If you pay close attention, you will come upon the word (or concept) model in some form or other on many pages of this week’s issue. Although it is a familiar concept, in my opinion we don’t hear about it nearly as much as we ought. Writers have lamented in these pages and elsewhere: Where are the role models (especially for the younger generations)? A very good question. Even more specifically, to whom can women look? Listen up. A book is coming along that may indeed enflesh the model, or at least offer the means to better model our lives. (And frankly, it is not a book for women only.)
The Story of Ruth: Twelve Moments in a Woman’s Life (Eerdmans, 96p $28, hardcover), by Joan Chittister, with art by John August Swanson, is scheduled for July publication. It is offered as a model for contemporary women seeking a full spiritual life. In the final analysis, writes Chittister, the biblical women Ruth and Naomi are simply metaphors, models for all the women of the world who push and prod and guide and give support to the rest of us through all the trying moments of life, however momentous, however mundane....The Ruths and Naomis of the human estate make the world go round. No one of us can get through the phases of our separate flowerings without their promptings. Without them growth is static, the worst happens, all of life’s inevitables look impossible. In other words, they are our rock and fortress, our stalwart guide through life’s labyrinths and our unfailing friend (sort of like the woman behind every great man?).
When put that way, identifying our Ruths and Naomis becomes a lot easier. We remember them especially for the lessons they taught us (consciously or unconsciously)based on their own lived experience. And that’s where The Story of Ruth holds sway. Each of its 12 chapters explores a defining moment, a formative experience related to the biblical story, and talks about what it means to be a woman of God today. These include loss, transformation, aging, independence, respect, recognition, empowerment and self-definition. There will no doubt be as many interpretations (and applications) of these as there are readers of the book. We are, after all, the sum of the influences on usand more.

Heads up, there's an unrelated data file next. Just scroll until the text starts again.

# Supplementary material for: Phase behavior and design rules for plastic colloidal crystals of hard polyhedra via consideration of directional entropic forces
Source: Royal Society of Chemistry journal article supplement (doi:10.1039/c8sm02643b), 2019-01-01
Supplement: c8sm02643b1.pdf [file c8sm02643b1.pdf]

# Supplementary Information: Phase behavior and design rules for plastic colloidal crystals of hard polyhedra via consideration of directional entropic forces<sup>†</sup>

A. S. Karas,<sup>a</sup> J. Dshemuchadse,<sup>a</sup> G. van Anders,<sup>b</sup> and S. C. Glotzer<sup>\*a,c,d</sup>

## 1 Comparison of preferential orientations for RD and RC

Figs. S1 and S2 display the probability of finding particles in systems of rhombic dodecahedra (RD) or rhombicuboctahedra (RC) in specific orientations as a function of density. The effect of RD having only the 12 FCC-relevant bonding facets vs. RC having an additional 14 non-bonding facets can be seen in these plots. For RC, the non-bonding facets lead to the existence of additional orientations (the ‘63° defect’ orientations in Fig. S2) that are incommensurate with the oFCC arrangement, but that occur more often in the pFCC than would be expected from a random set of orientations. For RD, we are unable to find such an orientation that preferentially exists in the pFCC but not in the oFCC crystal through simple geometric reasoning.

Many fine women have graced my own life, in particular my (91-year-old) mother, for whom I am now mother. She is the embodiment of those musical Irish eyes that are smilinga woman of grace, patience, insight, spunk and, above all, a woman of God. There were Dominican sisters and Josephites, too. (Don’t ask my preference; I’ll never tell.) Thanks to my algebra coach, Sr. Thomas Aquinas (Tommy Q to the in’ students), I will never forget her All the x’s on the left-hand side; all the whole numbers on the right-hand side; when you change the sides, you change the signs). It has a real sing-songy sound, I know; but it does the trick. And Sr. Anne Regis, who made Latin one of my very favorite subjects. I summon that learned wisdom every time I do the New York Times crossword puzzle. And the Franciscan Sister of the Poor, Mary Benedict, who, though not able to count me among her successful recruits, had a permanent and indelible impact on my spiritual development. I’ve likewise been inspired and enriched by many in the secular worldin business, law and, of course, literary circles.
Memories of these women and all who have contributed to my formation, not only as a woman but as an independent adult person of faith, well up on nearly every page of Chittister’s book. It is chock full of gems such as this: Change points are those moments in life at which we get inside ourselves to find that we are not, at the end, really one person at all. We are manyeach of them lying in wait to come to life.
Patricia A. Kossmann